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  1. Canguilhem’s Concepts.David Marcelo Peña-Guzmán - 2018 - Transversal: International Journal for the Historiography of Science 4:27.
    In the 1950s, George Canguilhem became known in France as a vocal exponent of the philosophy of the concept, an approach to epistemology that treated science as the highest expression of human rationality and scientific concepts as the necessary preconditions for the manifestation of scientific truth. Philosophers of the concept, Canguilhem included, viewed concepts as the key to the study of science; and science, in turn, as the key to a substantive theory of reason. This article explains what concepts are (...)
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  • The Janus Head of Bachelard’s Phenomenotechnique: From Purification to Proliferation and Back.Massimiliano Simons - 2018 - European Journal for Philosophy of Science 8 (3):689-707.
    The work of Gaston Bachelard is known for two crucial concepts, that of the epistemological rupture and that of phenomenotechnique. A crucial question is, however, how these two concepts relate to one another. Are they in fact essentially connected or must they be seen as two separate elements of Bachelard’s thinking? This paper aims to analyse the relation between these two Bachelardian moments and the significance of the concept of phenomenotechnique for today. This will be done by examining how the (...)
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  • What (Good) is Historical Epistemology? Editors' Introduction.Uljana Feest & Thomas Sturm - 2011 - Erkenntnis 75 (3):285-302.
    We provide an overview of three ways in which the expression “Historical epistemology” (HE) is often understood: (1) HE as a study of the history of higher-order epistemic concepts such as objectivity, observation, experimentation, or probability; (2) HE as a study of the historical trajectories of the objects of research, such as the electron, DNA, or phlogiston; (3) HE as the long-term study of scientific developments. After laying out various ways in which these agendas touch on current debates within both (...)
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  • I. Rising Up From Downunder: Comments on Feyerabend's 'Marxist Fairytales From Australia'.W. Suchting - 1978 - Inquiry: An Interdisciplinary Journal of Philosophy 21 (1-4):337 – 347.
    These notes comment on two claims in Paul Feyerabend's reply to a critique of his Against Method published in Inquiry, Vol. 20 (1977), Nos. 2?3. One of these is that this critique did not adequately deal with scepticism. The other is that it contained a radical misunderstanding of his basic argument regarding critical rationalism/ Methodism. Some mainly elucidatory remarks are offered on the first point, and the original position maintained on the second, making use of what Feyerabend says in his (...)
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  • Feyerabend's Discourse Against Method: A Marxist Critique.J. Curthoys & W. Suchting - 1977 - Inquiry: An Interdisciplinary Journal of Philosophy 20 (1-4):243 – 371.
  • Philosophy and the Sciences in the Work of Gilles Deleuze, 1953-1968.David James Allen - unknown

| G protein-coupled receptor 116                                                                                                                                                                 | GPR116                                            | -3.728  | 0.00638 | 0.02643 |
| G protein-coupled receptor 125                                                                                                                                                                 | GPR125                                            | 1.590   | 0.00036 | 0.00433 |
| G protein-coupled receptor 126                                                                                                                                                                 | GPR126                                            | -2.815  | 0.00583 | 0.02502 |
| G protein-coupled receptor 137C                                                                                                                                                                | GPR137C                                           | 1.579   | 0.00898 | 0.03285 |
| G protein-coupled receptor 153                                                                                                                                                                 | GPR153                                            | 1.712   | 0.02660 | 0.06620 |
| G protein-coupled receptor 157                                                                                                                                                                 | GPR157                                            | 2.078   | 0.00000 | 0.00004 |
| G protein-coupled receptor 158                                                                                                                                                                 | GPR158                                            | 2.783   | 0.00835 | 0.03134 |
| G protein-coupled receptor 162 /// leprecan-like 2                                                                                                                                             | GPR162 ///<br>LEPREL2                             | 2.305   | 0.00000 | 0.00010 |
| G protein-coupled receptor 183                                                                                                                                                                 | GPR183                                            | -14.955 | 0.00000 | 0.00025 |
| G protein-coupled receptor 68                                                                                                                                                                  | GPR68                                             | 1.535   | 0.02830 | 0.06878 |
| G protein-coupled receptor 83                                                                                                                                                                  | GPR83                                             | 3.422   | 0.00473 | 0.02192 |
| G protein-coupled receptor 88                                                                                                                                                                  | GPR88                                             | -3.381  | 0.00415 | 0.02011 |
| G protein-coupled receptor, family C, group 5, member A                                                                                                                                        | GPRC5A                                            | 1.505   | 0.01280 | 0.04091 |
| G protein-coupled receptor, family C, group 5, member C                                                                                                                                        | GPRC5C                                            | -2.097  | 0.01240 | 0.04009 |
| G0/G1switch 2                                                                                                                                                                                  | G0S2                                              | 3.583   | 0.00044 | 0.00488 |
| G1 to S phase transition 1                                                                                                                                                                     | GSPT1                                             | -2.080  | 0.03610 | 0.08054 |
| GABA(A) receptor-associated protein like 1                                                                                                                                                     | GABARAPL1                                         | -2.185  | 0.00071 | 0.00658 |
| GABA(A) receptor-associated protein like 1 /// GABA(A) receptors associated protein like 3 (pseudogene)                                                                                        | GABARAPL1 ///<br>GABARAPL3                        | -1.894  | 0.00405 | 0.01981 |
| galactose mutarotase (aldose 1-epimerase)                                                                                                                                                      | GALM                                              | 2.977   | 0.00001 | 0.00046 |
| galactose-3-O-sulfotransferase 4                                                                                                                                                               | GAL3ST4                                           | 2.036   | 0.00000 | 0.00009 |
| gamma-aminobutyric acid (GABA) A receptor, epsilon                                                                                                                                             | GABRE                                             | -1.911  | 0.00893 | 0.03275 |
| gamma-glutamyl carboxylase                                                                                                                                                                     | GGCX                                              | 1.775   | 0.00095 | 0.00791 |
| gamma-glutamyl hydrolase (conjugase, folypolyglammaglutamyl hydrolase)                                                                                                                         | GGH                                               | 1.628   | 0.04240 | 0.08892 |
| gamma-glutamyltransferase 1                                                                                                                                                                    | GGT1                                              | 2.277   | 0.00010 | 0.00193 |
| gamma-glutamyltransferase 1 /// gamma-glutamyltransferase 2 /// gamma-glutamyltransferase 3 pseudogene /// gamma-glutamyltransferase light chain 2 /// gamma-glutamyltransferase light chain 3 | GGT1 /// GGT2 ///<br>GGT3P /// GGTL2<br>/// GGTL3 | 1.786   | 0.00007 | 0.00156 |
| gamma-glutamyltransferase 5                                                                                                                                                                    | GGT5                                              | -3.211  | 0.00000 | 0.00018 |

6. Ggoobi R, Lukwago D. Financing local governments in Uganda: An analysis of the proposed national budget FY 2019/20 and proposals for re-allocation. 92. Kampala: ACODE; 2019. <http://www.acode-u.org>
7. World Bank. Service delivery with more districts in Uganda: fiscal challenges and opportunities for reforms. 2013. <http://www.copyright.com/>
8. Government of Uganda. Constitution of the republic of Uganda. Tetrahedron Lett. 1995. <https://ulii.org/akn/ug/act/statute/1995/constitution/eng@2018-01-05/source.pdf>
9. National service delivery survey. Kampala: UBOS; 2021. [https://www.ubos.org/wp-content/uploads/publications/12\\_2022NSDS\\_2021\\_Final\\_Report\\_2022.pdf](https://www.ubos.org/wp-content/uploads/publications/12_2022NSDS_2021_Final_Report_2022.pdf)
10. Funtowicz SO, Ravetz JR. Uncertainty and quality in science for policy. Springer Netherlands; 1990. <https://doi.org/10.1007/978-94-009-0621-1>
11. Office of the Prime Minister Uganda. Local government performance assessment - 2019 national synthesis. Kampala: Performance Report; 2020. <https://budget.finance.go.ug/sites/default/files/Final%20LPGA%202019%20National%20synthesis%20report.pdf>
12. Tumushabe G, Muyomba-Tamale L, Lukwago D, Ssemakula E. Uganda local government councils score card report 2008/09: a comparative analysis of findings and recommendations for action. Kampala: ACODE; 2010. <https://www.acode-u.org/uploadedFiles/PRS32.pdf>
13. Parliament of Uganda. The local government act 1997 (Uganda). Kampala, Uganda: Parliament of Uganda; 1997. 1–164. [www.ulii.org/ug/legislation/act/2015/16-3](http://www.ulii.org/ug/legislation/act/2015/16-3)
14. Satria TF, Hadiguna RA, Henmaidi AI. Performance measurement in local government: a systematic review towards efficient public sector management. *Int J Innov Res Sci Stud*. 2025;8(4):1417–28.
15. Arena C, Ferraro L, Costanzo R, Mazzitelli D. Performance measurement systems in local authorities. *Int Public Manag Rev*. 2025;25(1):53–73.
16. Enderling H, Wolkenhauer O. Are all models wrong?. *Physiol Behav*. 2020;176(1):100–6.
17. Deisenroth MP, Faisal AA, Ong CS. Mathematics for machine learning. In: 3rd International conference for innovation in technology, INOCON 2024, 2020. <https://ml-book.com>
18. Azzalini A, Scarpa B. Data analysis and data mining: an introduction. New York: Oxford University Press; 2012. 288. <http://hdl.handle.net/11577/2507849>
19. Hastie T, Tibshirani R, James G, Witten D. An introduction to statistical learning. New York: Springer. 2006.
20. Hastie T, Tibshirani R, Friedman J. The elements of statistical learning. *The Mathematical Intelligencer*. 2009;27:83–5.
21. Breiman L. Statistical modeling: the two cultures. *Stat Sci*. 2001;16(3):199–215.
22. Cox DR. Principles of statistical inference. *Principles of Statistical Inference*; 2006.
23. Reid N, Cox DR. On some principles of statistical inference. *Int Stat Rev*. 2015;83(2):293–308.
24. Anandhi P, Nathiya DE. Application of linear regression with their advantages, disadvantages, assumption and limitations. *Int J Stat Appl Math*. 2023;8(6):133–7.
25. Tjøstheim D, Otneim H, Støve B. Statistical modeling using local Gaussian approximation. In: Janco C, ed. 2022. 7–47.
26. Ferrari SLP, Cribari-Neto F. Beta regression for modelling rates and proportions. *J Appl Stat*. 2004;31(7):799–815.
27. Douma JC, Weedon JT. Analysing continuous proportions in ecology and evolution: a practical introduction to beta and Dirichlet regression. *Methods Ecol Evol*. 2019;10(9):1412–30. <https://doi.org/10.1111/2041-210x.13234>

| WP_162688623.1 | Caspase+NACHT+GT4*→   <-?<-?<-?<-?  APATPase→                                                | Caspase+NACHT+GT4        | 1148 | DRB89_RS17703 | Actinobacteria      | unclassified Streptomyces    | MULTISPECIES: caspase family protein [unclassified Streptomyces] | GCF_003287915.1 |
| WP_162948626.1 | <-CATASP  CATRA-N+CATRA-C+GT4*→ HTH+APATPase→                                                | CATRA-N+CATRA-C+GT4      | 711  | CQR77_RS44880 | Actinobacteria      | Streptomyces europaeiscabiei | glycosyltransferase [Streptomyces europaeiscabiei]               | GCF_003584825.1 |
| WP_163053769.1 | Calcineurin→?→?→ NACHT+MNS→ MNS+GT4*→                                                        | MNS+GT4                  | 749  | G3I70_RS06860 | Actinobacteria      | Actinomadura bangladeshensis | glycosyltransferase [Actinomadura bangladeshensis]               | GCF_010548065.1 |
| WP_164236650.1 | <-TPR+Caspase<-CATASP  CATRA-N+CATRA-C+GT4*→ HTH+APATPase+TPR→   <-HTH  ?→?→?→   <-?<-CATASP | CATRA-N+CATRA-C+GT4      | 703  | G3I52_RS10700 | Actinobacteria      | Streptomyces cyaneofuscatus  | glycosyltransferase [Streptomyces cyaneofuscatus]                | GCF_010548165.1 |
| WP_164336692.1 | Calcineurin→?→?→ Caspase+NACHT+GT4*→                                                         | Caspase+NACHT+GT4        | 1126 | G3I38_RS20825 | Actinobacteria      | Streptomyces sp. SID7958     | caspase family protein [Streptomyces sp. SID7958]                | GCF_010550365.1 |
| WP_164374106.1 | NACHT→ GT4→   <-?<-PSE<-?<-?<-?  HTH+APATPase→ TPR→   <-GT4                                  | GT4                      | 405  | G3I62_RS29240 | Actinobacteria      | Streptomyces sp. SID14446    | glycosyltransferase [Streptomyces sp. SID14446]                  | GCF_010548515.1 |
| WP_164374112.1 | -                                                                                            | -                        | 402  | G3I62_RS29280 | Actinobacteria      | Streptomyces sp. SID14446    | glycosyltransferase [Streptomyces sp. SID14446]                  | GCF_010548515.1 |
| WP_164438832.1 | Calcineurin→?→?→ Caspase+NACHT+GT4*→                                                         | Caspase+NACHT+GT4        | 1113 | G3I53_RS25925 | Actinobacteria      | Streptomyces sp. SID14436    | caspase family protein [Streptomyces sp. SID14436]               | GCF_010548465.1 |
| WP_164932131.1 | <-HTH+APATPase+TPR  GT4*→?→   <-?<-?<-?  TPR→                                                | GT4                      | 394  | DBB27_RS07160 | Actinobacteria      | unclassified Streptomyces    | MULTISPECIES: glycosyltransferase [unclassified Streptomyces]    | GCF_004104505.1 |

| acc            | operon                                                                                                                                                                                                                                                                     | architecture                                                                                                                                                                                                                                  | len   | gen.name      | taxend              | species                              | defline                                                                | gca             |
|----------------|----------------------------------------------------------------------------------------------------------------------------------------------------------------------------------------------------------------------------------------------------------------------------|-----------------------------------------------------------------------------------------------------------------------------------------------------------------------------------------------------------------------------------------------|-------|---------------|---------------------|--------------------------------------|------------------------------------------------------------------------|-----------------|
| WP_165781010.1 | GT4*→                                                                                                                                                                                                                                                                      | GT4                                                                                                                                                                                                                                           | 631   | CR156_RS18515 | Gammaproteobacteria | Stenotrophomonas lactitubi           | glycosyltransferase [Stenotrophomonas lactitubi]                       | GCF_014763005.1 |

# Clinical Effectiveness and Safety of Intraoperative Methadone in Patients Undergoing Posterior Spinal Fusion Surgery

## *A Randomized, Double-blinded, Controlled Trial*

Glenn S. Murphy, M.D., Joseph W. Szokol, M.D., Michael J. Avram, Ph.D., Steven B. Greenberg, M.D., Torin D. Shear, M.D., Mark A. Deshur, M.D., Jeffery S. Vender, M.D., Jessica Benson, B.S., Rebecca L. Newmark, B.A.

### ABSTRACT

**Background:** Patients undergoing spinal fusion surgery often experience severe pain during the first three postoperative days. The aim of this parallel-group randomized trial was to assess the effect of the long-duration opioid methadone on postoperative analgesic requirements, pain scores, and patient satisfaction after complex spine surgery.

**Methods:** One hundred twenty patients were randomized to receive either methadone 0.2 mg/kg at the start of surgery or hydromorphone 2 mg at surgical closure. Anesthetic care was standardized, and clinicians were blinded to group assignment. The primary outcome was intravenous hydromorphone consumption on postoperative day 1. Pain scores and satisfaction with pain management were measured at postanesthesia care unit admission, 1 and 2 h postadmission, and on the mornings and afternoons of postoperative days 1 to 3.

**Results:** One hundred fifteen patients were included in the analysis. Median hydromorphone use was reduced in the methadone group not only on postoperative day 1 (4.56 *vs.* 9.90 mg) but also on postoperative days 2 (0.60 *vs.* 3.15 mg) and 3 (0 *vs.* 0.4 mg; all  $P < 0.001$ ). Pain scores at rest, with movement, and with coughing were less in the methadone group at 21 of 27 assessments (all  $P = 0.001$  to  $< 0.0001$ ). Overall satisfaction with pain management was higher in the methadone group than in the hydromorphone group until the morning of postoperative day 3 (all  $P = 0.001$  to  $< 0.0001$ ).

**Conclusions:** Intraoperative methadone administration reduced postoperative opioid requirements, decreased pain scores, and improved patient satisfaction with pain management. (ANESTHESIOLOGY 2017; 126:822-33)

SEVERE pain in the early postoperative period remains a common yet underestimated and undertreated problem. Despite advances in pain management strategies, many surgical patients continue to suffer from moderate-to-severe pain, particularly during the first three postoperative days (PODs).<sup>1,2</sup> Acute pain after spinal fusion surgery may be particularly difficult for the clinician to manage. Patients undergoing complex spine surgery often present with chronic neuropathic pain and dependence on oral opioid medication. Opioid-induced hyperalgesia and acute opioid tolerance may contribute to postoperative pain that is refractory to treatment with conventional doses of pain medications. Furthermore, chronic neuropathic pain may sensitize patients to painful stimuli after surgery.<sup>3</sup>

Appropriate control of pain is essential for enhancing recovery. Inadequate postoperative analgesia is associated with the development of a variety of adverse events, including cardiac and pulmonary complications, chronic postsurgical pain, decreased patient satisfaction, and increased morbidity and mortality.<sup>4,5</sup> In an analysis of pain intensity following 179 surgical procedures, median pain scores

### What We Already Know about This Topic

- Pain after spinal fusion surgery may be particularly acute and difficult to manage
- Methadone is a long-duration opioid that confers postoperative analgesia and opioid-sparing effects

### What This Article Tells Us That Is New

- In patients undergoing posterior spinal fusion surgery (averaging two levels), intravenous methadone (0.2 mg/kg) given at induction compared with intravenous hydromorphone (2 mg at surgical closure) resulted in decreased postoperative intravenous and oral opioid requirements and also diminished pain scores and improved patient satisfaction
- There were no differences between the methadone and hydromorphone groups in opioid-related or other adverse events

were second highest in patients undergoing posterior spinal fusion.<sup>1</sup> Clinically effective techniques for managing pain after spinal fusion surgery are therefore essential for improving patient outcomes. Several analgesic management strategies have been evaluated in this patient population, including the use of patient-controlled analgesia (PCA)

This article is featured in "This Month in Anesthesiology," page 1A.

This thesis seeks to understand the nature of and relation between science and philosophy articulated in the early work of the French philosopher Gilles Deleuze. It seeks to challenge the view that Deleuze’s metaphysical and metaphilosophical position is in important part an attempt to respond to twentieth century developments in the natural sciences, claiming that this is not a plausible interpretation of Deleuze’s early thought. The central problem identified with such readings is that they provide an insufficient explanation of the (...)
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  • Domains of Applicability of Social-Scientific Theories: Problems in the Empirical Falsifiability of Bounded Generalizations.Peter Knapp - 1984 - Journal for the Theory of Social Behaviour 14 (1):25–41.
  • Sociology and Common Sense.David Thomas - 1978 - Inquiry: An Interdisciplinary Journal of Philosophy 21 (1-4):1 – 32.
    After a definition of ?common sense? it is argued that sociology and common sense both do and ought to interact with one another. Four positions on the sociology?common sense relation in the light of the interaction thesis are then critically discussed: sociology must break with common sense; sociology must be based on common sense; sociology and common sense are incomparable; and sociology and common sense are identical. The first two of these positions are further sub?divided in terms of whether the (...)
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  • French Philosophy of Science, Structuralist Epistemology, and the Problem of the Subject.Tom Eyers - 2014 - Southern Journal of Philosophy 52 (2):267-285.
    This article examines the multiple relations between the rationalist tradition of French philosophy of science exemplified by the work of Gaston Bachelard, and the rethinking of the relation between science and ideology undertaken by Louis Althusser and a young Alain Badiou in the 1960s. Both Bachelard and Althusser are interrogated for the philosophy of language that underpins their respective visions of scientificity; in turn, the problem of the subject is posed, in part through an investigation of Althusser's inheritance and transformation (...)
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